Caracas, formally Santiago de León de Caracas, is Venezuela’s capital city, the hub of the Greater Caracas Area, and the country’s biggest metropolis. Caracas is situated in the northern section of the nation along the Guaire River, following the contours of the small Caracas Valley on Venezuela’s coast mountain range (Cordillera de la Costa). Between 760 and 910 meters (2,490 and 2,990 feet) above sea level is good construction terrain. The valley lies next to the Caribbean Sea, separated from it by a steep 2,200-metre-high (7,200-foot) mountain range known as Cerro El vila; to the south, more hills and mountains exist.
The Metropolitan District of Caracas consists of five municipalities: Libertador, the main administrative division of the Venezuelan Capital District, and four additional municipalities located within Miranda State: Chacao, Baruta, Sucre, and El Hatillo. Libertador is home to numerous government facilities and serves as the Capital District (Distrito Capital). As of 2011, the Distrito Capital had a population of 2,013,366 residents, while the Caracas Metropolitan District had a population of 3,273,863 residents (2013). Caracas Metropolitan Region is predicted to have a population of 5,243,301.
The city is home to a variety of businesses, including service firms, banks, and shopping complexes. Apart from limited industrial activity in its metropolitan region, it has a predominantly service-based economy. Caracas is home to the Caracas Stock Exchange and Petróleos de Venezuela (PDVSA). PDVSA is Venezuela’s biggest enterprise. Caracas is also the cultural hub of Venezuela, with an abundance of restaurants, theaters, museums, and shopping malls. Caracas is home to many of Latin America’s highest structures.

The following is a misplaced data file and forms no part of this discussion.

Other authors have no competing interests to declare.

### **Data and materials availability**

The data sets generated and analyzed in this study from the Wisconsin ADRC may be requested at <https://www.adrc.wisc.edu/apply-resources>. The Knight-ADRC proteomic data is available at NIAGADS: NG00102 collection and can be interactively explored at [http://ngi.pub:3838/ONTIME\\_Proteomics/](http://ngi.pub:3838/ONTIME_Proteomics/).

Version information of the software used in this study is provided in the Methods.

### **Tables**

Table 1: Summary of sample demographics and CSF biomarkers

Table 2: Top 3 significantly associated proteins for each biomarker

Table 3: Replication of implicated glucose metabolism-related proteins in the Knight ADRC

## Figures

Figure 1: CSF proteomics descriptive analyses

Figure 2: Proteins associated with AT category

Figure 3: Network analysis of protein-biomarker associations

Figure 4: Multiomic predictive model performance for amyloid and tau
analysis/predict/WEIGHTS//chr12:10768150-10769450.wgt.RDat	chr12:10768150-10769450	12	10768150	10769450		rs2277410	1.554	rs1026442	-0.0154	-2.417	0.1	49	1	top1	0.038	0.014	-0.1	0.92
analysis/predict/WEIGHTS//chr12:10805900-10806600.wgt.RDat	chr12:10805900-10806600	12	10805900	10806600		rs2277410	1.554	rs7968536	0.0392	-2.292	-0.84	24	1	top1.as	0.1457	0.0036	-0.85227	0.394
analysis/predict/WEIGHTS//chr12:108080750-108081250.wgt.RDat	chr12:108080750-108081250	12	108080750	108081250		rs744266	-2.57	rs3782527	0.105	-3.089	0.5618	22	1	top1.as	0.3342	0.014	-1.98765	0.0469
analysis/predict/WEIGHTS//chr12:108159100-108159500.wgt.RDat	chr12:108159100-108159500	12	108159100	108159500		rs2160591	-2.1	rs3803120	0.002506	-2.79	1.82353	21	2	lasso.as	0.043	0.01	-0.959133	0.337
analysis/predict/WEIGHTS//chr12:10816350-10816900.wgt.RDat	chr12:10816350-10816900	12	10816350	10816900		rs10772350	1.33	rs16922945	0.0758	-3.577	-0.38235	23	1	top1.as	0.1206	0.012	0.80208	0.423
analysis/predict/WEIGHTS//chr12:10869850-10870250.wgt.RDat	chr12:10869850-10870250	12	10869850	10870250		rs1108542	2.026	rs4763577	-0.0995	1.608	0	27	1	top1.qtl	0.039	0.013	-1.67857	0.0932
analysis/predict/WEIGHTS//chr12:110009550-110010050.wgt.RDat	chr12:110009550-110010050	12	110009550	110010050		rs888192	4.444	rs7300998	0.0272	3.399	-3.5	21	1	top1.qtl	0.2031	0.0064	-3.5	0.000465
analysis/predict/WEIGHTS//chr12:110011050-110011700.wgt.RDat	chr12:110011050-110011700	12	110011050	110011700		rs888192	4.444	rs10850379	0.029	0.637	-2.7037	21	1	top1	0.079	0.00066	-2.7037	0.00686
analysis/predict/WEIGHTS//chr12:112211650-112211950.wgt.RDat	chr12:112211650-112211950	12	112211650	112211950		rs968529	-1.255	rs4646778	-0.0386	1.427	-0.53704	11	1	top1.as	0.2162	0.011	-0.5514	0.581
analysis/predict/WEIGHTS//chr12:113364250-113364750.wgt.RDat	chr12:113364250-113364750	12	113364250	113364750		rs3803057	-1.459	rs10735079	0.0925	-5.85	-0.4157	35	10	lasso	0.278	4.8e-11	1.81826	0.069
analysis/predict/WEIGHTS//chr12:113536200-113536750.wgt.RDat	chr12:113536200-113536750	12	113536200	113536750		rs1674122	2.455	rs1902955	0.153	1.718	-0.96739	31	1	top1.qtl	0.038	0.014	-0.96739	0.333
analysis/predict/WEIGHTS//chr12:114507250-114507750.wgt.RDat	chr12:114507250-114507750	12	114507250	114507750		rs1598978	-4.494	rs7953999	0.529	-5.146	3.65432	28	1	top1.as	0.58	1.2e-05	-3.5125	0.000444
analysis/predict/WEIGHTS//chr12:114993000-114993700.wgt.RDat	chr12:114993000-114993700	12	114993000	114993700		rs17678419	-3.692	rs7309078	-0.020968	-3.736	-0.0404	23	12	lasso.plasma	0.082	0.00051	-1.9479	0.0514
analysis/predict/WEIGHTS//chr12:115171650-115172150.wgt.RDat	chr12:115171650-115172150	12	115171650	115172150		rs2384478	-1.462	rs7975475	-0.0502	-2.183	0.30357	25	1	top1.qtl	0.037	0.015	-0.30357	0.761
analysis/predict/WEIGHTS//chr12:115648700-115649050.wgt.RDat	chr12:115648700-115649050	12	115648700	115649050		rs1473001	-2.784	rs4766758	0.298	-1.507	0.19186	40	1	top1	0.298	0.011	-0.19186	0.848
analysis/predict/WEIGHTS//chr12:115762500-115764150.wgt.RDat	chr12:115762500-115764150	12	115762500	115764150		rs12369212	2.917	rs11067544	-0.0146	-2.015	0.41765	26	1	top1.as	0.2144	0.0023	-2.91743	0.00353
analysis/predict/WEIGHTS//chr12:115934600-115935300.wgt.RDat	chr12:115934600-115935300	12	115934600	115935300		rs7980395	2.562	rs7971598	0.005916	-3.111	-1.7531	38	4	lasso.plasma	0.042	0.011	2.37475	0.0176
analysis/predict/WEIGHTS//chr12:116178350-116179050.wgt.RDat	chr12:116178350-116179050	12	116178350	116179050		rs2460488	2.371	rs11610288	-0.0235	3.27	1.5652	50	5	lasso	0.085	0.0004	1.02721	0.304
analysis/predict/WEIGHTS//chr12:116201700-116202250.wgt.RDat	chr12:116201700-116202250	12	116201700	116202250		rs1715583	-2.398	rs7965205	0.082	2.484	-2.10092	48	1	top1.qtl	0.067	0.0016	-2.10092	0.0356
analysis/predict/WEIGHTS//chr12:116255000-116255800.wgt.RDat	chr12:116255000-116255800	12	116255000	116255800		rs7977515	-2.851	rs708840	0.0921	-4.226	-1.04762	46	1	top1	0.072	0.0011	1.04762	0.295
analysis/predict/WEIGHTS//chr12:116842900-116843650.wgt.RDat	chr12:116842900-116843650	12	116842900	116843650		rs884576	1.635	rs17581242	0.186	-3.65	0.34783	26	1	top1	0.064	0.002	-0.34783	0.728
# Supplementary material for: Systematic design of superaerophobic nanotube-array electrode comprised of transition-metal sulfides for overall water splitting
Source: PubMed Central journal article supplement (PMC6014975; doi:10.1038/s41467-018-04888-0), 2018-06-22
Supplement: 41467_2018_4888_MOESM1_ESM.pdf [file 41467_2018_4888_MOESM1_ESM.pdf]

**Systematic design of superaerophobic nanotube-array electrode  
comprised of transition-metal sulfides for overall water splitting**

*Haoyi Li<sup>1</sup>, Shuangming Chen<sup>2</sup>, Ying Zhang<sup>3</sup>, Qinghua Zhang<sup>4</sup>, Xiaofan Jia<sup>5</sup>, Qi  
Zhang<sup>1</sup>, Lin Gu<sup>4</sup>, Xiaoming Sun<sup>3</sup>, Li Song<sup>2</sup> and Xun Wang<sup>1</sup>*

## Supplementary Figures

Venezuela and its capital, Caracas, are said to have among of the world’s highest per capita murder rates, with 116 killings per 100,000 residents. The majority of homicides and other violent crimes remain unsolved. The impoverished areas that dot the hills around Caracas are always perilous.
n. South Africa is sometimes referred to as the “Rainbow Nation” to reflect the country’s newly emerging multicultural variety in the aftermath of apartheid ideology. South Africa is classified as an upper-middle-income economy and a recently industrialized country by the World Bank. It has the second-largest economy in Africa and the 34th-largest in the world. South Africa has the seventh-highest per capita income in Africa in terms of purchasing power parity. Poverty and inequality, however, remain pervasive, with almost a quarter of the population jobless and living on less than US$1.25 per day. Nonetheless, South Africa is regarded as a medium power in international affairs and wields substantial regional power.